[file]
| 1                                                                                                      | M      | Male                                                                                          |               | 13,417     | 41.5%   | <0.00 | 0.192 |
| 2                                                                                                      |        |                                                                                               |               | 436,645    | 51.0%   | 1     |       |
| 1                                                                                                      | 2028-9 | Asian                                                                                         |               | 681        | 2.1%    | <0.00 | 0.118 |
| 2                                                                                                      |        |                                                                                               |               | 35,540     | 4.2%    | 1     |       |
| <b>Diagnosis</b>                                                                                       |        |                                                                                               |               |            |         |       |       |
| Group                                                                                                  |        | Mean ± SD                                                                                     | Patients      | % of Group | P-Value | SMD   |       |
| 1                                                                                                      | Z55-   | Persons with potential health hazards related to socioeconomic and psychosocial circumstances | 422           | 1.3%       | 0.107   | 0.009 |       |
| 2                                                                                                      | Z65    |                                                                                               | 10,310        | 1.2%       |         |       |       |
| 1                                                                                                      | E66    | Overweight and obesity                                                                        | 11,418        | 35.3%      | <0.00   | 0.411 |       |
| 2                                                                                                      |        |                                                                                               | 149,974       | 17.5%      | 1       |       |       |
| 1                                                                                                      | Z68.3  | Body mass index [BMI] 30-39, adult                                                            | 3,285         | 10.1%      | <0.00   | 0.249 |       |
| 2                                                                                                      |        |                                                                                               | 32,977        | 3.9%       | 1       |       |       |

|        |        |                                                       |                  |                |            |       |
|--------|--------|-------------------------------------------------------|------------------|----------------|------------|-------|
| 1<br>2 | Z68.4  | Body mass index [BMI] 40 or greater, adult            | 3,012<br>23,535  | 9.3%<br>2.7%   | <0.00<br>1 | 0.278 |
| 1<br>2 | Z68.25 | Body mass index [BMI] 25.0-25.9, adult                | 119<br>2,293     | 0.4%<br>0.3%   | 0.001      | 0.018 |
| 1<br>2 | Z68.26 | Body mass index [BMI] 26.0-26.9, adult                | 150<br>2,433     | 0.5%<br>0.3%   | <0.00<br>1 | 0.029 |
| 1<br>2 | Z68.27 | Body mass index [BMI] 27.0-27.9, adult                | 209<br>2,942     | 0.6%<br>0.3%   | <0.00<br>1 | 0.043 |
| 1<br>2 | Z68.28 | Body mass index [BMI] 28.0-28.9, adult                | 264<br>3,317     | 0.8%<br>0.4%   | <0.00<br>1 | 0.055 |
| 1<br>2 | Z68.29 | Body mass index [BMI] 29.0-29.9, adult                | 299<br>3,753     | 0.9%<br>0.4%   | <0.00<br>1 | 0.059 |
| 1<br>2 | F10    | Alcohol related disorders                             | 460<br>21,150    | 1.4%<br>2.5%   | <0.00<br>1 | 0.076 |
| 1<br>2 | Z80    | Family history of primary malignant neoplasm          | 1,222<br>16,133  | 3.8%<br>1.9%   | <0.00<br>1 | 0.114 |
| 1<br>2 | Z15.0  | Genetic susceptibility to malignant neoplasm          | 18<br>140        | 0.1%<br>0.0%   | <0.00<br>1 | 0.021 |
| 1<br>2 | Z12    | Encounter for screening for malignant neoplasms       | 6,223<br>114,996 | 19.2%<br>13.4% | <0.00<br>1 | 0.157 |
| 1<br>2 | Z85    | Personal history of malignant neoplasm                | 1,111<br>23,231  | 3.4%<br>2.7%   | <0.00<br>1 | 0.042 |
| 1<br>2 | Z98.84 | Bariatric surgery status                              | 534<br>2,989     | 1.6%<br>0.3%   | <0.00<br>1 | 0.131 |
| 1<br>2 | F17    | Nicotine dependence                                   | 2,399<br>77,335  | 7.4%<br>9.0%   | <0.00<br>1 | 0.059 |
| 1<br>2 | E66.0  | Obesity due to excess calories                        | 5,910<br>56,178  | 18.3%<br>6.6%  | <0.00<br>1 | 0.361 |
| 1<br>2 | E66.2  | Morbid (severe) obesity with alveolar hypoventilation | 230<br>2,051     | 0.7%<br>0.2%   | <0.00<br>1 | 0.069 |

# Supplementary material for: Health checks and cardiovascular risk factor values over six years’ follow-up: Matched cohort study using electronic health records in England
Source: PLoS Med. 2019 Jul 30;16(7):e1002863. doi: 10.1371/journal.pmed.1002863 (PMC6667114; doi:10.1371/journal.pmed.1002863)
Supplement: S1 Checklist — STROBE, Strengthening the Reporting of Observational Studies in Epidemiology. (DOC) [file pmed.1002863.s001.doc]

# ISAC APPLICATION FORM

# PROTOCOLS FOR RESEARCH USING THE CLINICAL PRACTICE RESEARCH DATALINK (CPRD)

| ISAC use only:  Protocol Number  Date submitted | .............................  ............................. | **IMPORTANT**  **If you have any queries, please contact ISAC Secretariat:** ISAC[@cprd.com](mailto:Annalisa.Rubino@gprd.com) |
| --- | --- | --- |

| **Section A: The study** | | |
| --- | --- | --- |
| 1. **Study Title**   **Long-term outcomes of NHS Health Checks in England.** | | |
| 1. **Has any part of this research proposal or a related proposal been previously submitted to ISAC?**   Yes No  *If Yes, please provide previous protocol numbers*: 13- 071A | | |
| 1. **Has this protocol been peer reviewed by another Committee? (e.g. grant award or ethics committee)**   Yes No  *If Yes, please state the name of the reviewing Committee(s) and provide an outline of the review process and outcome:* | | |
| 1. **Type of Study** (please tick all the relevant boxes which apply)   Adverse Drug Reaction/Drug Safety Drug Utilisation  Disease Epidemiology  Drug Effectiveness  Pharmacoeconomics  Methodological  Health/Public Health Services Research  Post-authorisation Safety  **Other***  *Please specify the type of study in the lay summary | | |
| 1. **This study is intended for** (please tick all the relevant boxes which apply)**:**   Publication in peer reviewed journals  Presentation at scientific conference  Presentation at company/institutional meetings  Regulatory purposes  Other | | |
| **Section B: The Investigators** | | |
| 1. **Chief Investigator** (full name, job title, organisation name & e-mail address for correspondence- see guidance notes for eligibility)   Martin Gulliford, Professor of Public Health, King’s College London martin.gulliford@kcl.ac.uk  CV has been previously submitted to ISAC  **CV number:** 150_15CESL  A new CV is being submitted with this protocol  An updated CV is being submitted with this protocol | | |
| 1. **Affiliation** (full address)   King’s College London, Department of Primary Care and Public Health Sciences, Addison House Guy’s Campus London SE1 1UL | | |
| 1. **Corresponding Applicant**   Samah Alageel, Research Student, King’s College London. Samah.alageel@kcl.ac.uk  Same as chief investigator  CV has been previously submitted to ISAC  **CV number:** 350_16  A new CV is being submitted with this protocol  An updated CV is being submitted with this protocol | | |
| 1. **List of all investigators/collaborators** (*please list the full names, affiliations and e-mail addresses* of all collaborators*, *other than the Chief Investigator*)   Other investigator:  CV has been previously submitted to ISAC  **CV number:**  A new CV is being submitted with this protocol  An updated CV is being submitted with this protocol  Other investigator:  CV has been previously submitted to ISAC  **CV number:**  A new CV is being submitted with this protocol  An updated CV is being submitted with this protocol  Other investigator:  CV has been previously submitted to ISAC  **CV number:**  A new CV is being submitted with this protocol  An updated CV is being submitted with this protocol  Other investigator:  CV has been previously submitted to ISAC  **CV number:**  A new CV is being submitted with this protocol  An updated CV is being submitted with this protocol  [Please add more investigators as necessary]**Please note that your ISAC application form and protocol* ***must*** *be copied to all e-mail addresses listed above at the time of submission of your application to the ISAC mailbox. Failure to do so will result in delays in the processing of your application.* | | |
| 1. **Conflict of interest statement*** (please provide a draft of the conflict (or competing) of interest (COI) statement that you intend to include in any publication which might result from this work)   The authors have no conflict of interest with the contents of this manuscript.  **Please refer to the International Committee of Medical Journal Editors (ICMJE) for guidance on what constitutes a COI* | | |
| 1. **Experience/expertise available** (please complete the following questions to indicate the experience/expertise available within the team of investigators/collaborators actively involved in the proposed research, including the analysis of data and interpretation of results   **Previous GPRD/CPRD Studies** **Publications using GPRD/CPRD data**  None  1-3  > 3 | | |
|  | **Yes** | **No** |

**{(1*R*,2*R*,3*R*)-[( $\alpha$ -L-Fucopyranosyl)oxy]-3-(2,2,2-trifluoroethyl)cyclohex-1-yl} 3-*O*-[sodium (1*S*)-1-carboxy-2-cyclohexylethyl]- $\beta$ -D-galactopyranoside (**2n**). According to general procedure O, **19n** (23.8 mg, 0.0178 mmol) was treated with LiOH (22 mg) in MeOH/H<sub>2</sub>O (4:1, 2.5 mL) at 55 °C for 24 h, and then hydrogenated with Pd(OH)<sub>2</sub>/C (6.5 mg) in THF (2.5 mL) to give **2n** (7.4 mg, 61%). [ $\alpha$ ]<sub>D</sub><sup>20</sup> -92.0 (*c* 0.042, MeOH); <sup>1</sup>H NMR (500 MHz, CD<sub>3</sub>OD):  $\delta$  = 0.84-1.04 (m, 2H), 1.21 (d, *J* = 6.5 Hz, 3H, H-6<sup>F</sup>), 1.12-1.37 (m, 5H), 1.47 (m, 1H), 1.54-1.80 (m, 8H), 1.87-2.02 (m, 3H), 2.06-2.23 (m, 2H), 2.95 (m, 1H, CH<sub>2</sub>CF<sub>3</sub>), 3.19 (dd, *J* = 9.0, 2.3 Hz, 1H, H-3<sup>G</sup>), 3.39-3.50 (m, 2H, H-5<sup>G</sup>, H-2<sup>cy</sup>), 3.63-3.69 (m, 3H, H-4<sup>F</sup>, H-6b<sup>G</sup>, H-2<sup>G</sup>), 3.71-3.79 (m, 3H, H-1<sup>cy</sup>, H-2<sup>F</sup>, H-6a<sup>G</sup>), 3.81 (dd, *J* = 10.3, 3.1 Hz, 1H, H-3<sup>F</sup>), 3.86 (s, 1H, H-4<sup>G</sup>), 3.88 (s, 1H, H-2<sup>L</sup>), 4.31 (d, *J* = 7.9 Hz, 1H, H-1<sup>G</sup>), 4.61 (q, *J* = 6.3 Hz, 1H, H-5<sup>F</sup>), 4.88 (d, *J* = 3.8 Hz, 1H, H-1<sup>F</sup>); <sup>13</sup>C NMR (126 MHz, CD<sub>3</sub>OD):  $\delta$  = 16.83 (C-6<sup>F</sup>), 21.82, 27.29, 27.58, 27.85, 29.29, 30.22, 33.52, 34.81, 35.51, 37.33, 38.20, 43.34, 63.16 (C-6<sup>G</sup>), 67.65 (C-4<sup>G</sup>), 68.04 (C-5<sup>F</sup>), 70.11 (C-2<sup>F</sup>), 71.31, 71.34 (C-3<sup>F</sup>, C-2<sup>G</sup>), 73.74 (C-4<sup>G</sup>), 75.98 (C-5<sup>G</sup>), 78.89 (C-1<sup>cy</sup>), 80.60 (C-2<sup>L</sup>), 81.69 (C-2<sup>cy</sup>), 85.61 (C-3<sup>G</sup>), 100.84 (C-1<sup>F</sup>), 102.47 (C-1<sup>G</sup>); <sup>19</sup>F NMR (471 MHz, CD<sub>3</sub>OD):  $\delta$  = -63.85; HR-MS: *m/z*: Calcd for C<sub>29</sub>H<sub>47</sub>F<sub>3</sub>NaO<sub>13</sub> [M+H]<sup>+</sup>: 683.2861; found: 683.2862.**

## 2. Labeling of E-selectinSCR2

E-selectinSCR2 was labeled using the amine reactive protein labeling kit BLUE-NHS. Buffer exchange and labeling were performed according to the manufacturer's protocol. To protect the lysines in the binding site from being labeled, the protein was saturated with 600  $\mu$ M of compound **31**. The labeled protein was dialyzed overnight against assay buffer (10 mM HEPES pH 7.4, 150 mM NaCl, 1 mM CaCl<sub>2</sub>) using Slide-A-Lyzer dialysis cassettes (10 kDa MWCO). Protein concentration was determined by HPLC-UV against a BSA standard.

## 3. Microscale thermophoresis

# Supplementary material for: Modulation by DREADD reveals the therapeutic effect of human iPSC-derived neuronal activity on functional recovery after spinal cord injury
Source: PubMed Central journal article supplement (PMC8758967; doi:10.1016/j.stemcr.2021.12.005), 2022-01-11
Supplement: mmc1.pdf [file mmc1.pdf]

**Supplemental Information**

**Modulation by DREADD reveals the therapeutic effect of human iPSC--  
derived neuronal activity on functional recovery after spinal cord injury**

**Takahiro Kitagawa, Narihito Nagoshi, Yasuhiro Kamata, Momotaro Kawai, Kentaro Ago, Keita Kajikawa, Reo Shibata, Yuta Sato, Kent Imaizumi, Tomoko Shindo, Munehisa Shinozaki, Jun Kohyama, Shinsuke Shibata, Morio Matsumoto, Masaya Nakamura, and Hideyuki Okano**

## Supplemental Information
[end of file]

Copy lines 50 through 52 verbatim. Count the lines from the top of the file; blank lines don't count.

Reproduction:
| 1. **Experience/expertise available** (please complete the following questions to indicate the experience/expertise available within the team of investigators/collaborators actively involved in the proposed research, including the analysis of data and interpretation of results   **Previous GPRD/CPRD Studies** **Publications using GPRD/CPRD data**  None  1-3  > 3 | | |
|  | **Yes** | **No** |

**{(1*R*,2*R*,3*R*)-[( $\alpha$ -L-Fucopyranosyl)oxy]-3-(2,2,2-trifluoroethyl)cyclohex-1-yl} 3-*O*-[sodium (1*S*)-1-carboxy-2-cyclohexylethyl]- $\beta$ -D-galactopyranoside (**2n**). According to general procedure O, **19n** (23.8 mg, 0.0178 mmol) was treated with LiOH (22 mg) in MeOH/H<sub>2</sub>O (4:1, 2.5 mL) at 55 °C for 24 h, and then hydrogenated with Pd(OH)<sub>2</sub>/C (6.5 mg) in THF (2.5 mL) to give **2n** (7.4 mg, 61%). [ $\alpha$ ]<sub>D</sub><sup>20</sup> -92.0 (*c* 0.042, MeOH); <sup>1</sup>H NMR (500 MHz, CD<sub>3</sub>OD):  $\delta$  = 0.84-1.04 (m, 2H), 1.21 (d, *J* = 6.5 Hz, 3H, H-6<sup>F</sup>), 1.12-1.37 (m, 5H), 1.47 (m, 1H), 1.54-1.80 (m, 8H), 1.87-2.02 (m, 3H), 2.06-2.23 (m, 2H), 2.95 (m, 1H, CH<sub>2</sub>CF<sub>3</sub>), 3.19 (dd, *J* = 9.0, 2.3 Hz, 1H, H-3<sup>G</sup>), 3.39-3.50 (m, 2H, H-5<sup>G</sup>, H-2<sup>cy</sup>), 3.63-3.69 (m, 3H, H-4<sup>F</sup>, H-6b<sup>G</sup>, H-2<sup>G</sup>), 3.71-3.79 (m, 3H, H-1<sup>cy</sup>, H-2<sup>F</sup>, H-6a<sup>G</sup>), 3.81 (dd, *J* = 10.3, 3.1 Hz, 1H, H-3<sup>F</sup>), 3.86 (s, 1H, H-4<sup>G</sup>), 3.88 (s, 1H, H-2<sup>L</sup>), 4.31 (d, *J* = 7.9 Hz, 1H, H-1<sup>G</sup>), 4.61 (q, *J* = 6.3 Hz, 1H, H-5<sup>F</sup>), 4.88 (d, *J* = 3.8 Hz, 1H, H-1<sup>F</sup>); <sup>13</sup>C NMR (126 MHz, CD<sub>3</sub>OD):  $\delta$  = 16.83 (C-6<sup>F</sup>), 21.82, 27.29, 27.58, 27.85, 29.29, 30.22, 33.52, 34.81, 35.51, 37.33, 38.20, 43.34, 63.16 (C-6<sup>G</sup>), 67.65 (C-4<sup>G</sup>), 68.04 (C-5<sup>F</sup>), 70.11 (C-2<sup>F</sup>), 71.31, 71.34 (C-3<sup>F</sup>, C-2<sup>G</sup>), 73.74 (C-4<sup>G</sup>), 75.98 (C-5<sup>G</sup>), 78.89 (C-1<sup>cy</sup>), 80.60 (C-2<sup>L</sup>), 81.69 (C-2<sup>cy</sup>), 85.61 (C-3<sup>G</sup>), 100.84 (C-1<sup>F</sup>), 102.47 (C-1<sup>G</sup>); <sup>19</sup>F NMR (471 MHz, CD<sub>3</sub>OD):  $\delta$  = -63.85; HR-MS: *m/z*: Calcd for C<sub>29</sub>H<sub>47</sub>F<sub>3</sub>NaO<sub>13</sub> [M+H]<sup>+</sup>: 683.2861; found: 683.2862.**